I’m interested in the disillusionment of utopia. Utopia is a word derived from a Greek origin meaning “no place”. For this show I was thinking about the consequences of trying to find/achieve utopia. Or the illusion of it. It doesn’t really exist. For me Heaven is a place of imagination too where utopian ideals can also be imagined. I have been thinking about what Raban puts forward where he suggests that utopias are unachievable ideals. “They stimulate and tease us with their desirability, yet seldom ever, materially or otherwise, successfully deliver. There is always nonfulfillment of what is desired: a dream pursued and found vain, wanting, and destructive.”
A yearning for the imaginary – as evidenced in the title of one of the works on show, ‘Spectrum Weave: Homesick for a Place that Doesn’t Exist’ – seems to be a common theme. Can you describe this longing?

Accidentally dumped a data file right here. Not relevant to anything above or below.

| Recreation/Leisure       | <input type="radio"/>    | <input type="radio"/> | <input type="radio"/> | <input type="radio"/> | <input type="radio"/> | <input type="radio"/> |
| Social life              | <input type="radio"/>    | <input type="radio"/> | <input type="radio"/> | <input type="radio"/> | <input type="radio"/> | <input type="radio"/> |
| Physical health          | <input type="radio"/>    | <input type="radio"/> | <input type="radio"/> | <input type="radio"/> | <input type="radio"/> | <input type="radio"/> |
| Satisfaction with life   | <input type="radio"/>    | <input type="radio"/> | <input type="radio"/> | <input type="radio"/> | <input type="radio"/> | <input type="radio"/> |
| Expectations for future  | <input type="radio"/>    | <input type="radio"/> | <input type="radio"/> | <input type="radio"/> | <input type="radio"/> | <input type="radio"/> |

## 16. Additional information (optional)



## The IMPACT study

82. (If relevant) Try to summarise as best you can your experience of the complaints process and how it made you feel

It’s like having an idea of an ideal situation which turns out to be false. It doesn’t really exist, or it was just an illusion you had. This idea was born from a dream I had that I couldn’t stop thinking about.
The dream started with a tour of the catacomb’s in Paris, where I come across this community of people living underground. I’m immediately drawn to them. They seemed to live a beautiful simple life, they’re in total bliss in their underground darkness. One of them, an old man who looks like David Lynch, notices my intrigue and asks me to lie down on some stacks of hay. Although a stranger to me I’m in a state of complete surrender and trust in him. He places damp cotton swabs on my eyes and immediately I feel my body dropping into another reality. It’s euphoric and lasts for hours and so I go back the next day. I wanted to escape my world and stay with this community underground. I feel so content living this simple life. Eventually after some time with them I realized that what had been placed over my eyes was in fact some kind of drug, maybe heroin. At first I’m confused. I thought I had found utopia. I realized that this blissful state was a farce.